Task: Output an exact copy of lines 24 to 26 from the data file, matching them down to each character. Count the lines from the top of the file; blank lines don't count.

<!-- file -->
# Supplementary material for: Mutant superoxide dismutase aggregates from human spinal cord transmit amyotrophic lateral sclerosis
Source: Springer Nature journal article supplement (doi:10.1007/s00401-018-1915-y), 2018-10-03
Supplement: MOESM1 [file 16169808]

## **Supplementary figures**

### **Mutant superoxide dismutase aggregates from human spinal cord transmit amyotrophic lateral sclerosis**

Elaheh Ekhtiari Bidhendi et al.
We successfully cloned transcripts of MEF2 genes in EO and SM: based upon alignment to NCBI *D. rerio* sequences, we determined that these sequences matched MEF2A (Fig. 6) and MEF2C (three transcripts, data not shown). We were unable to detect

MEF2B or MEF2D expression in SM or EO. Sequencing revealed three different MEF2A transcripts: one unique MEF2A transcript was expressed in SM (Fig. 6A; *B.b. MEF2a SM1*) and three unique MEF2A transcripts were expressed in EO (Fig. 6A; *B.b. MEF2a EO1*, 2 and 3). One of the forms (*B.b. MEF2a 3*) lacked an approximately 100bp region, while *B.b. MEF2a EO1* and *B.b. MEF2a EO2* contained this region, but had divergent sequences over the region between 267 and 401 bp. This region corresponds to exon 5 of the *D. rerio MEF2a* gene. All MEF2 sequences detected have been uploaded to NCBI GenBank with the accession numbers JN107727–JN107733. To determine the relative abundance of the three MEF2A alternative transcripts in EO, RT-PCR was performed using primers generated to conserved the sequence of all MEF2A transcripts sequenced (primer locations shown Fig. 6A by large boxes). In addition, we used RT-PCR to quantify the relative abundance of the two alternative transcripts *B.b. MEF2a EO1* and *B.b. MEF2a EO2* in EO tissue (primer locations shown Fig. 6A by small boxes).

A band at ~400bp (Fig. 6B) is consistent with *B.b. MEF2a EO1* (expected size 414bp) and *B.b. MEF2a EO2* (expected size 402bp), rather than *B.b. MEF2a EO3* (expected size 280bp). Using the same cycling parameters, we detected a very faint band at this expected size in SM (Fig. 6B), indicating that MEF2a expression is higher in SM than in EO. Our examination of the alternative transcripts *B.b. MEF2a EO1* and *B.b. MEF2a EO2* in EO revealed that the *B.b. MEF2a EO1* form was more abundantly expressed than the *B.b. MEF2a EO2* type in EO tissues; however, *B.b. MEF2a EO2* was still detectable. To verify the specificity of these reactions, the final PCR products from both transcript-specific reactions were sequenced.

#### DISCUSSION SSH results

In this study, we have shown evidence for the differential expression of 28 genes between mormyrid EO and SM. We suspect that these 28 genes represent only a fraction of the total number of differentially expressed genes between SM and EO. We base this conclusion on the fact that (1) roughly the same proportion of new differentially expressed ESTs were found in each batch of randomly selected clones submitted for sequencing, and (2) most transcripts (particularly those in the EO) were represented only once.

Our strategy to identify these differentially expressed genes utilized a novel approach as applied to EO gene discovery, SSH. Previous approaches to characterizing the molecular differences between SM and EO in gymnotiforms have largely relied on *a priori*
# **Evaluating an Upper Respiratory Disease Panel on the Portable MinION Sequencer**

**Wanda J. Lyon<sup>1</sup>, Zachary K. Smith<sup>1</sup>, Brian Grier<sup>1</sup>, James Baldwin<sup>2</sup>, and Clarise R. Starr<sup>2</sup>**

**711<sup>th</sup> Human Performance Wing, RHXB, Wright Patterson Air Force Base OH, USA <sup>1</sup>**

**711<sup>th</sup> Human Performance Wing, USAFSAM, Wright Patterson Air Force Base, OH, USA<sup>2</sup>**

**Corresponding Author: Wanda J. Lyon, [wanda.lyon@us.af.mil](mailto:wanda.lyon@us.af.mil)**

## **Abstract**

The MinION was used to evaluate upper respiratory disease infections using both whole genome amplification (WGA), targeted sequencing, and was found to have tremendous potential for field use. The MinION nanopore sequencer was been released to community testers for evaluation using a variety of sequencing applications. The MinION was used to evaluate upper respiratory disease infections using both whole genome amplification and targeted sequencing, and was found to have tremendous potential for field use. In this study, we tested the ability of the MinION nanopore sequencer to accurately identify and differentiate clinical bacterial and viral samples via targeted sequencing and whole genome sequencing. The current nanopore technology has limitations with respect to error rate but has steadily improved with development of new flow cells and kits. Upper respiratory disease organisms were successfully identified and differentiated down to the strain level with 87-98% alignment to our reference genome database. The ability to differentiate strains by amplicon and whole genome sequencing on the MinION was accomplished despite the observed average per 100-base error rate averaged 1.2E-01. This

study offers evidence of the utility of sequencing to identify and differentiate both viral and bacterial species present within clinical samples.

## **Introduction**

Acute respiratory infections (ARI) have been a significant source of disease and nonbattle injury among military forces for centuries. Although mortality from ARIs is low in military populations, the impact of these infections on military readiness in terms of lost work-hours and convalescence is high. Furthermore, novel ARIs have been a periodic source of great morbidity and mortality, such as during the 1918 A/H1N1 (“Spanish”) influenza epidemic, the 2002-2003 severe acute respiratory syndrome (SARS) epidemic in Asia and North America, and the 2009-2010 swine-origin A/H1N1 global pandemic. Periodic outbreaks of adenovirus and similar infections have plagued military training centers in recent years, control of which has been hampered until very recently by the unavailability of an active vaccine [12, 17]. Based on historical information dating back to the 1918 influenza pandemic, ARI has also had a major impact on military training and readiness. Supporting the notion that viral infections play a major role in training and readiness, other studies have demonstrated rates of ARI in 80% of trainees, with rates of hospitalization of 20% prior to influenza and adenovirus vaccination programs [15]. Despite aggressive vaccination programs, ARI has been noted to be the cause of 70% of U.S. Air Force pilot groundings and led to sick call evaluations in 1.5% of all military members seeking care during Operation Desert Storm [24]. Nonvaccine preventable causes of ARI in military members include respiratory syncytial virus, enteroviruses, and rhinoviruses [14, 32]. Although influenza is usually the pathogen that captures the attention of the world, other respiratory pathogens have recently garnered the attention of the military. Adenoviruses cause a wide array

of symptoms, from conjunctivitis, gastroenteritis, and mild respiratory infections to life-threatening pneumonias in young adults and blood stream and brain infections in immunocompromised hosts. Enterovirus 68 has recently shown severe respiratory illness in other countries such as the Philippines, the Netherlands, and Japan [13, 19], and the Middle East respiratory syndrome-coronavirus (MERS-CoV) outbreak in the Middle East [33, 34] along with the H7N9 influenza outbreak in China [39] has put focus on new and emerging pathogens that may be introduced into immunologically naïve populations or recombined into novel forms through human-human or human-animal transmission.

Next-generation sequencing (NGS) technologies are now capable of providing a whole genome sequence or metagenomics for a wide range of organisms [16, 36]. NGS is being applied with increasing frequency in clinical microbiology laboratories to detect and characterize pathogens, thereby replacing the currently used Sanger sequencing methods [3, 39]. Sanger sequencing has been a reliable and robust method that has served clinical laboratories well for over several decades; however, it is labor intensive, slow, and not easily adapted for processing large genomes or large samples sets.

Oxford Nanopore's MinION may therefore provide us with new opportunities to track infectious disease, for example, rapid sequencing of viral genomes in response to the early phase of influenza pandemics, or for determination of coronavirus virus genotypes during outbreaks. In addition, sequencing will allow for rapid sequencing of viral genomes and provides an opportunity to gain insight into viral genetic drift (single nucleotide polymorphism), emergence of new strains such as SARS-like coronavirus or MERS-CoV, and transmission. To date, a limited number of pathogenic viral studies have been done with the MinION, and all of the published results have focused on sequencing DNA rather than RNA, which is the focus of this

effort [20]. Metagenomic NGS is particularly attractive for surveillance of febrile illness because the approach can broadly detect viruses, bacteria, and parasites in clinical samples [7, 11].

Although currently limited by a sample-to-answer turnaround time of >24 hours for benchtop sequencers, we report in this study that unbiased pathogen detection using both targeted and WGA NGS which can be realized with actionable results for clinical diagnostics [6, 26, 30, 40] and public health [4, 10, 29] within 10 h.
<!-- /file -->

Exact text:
Next-generation sequencing (NGS) technologies are now capable of providing a whole genome sequence or metagenomics for a wide range of organisms [16, 36]. NGS is being applied with increasing frequency in clinical microbiology laboratories to detect and characterize pathogens, thereby replacing the currently used Sanger sequencing methods [3, 39]. Sanger sequencing has been a reliable and robust method that has served clinical laboratories well for over several decades; however, it is labor intensive, slow, and not easily adapted for processing large genomes or large samples sets.

Oxford Nanopore's MinION may therefore provide us with new opportunities to track infectious disease, for example, rapid sequencing of viral genomes in response to the early phase of influenza pandemics, or for determination of coronavirus virus genotypes during outbreaks. In addition, sequencing will allow for rapid sequencing of viral genomes and provides an opportunity to gain insight into viral genetic drift (single nucleotide polymorphism), emergence of new strains such as SARS-like coronavirus or MERS-CoV, and transmission. To date, a limited number of pathogenic viral studies have been done with the MinION, and all of the published results have focused on sequencing DNA rather than RNA, which is the focus of this

effort [20]. Metagenomic NGS is particularly attractive for surveillance of febrile illness because the approach can broadly detect viruses, bacteria, and parasites in clinical samples [7, 11].